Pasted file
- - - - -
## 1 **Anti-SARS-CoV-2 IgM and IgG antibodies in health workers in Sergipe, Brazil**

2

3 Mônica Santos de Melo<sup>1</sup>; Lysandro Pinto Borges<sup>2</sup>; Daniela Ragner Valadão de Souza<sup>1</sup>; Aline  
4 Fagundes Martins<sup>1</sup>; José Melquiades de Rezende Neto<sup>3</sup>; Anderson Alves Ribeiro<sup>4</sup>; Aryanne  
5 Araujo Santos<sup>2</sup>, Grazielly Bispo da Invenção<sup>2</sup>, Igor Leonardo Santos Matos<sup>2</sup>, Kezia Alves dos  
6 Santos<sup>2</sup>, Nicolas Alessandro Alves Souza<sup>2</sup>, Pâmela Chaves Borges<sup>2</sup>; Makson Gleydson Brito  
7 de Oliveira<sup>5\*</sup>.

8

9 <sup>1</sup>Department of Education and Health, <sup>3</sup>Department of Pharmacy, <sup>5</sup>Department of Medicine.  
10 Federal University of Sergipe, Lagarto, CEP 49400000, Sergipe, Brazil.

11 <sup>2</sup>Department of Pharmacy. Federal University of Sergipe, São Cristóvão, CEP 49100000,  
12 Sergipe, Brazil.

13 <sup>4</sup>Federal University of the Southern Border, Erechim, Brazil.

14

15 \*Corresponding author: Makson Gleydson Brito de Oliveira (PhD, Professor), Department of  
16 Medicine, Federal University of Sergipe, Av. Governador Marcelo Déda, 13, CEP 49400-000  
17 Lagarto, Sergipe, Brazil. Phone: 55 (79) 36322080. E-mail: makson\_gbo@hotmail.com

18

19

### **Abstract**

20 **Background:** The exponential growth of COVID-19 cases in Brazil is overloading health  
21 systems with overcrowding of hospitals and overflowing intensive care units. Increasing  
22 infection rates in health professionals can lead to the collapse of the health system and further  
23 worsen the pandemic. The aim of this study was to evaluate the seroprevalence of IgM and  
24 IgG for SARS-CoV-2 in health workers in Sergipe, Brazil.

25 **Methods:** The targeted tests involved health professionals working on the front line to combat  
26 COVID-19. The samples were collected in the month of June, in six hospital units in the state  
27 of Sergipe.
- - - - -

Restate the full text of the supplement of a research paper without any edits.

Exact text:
## 1 **Anti-SARS-CoV-2 IgM and IgG antibodies in health workers in Sergipe, Brazil**

2

3 Mônica Santos de Melo<sup>1</sup>; Lysandro Pinto Borges<sup>2</sup>; Daniela Ragner Valadão de Souza<sup>1</sup>; Aline  
4 Fagundes Martins<sup>1</sup>; José Melquiades de Rezende Neto<sup>3</sup>; Anderson Alves Ribeiro<sup>4</sup>; Aryanne  
5 Araujo Santos<sup>2</sup>, Grazielly Bispo da Invenção<sup>2</sup>, Igor Leonardo Santos Matos<sup>2</sup>, Kezia Alves dos  
6 Santos<sup>2</sup>, Nicolas Alessandro Alves Souza<sup>2</sup>, Pâmela Chaves Borges<sup>2</sup>; Makson Gleydson Brito  
7 de Oliveira<sup>5\*</sup>.

8

9 <sup>1</sup>Department of Education and Health, <sup>3</sup>Department of Pharmacy, <sup>5</sup>Department of Medicine.  
10 Federal University of Sergipe, Lagarto, CEP 49400000, Sergipe, Brazil.

11 <sup>2</sup>Department of Pharmacy. Federal University of Sergipe, São Cristóvão, CEP 49100000,  
12 Sergipe, Brazil.

13 <sup>4</sup>Federal University of the Southern Border, Erechim, Brazil.

14

15 \*Corresponding author: Makson Gleydson Brito de Oliveira (PhD, Professor), Department of  
16 Medicine, Federal University of Sergipe, Av. Governador Marcelo Déda, 13, CEP 49400-000  
17 Lagarto, Sergipe, Brazil. Phone: 55 (79) 36322080. E-mail: makson\_gbo@hotmail.com

18

19

### **Abstract**

20 **Background:** The exponential growth of COVID-19 cases in Brazil is overloading health  
21 systems with overcrowding of hospitals and overflowing intensive care units. Increasing  
22 infection rates in health professionals can lead to the collapse of the health system and further  
23 worsen the pandemic. The aim of this study was to evaluate the seroprevalence of IgM and  
24 IgG for SARS-CoV-2 in health workers in Sergipe, Brazil.

25 **Methods:** The targeted tests involved health professionals working on the front line to combat  
26 COVID-19. The samples were collected in the month of June, in six hospital units in the state  
27 of Sergipe.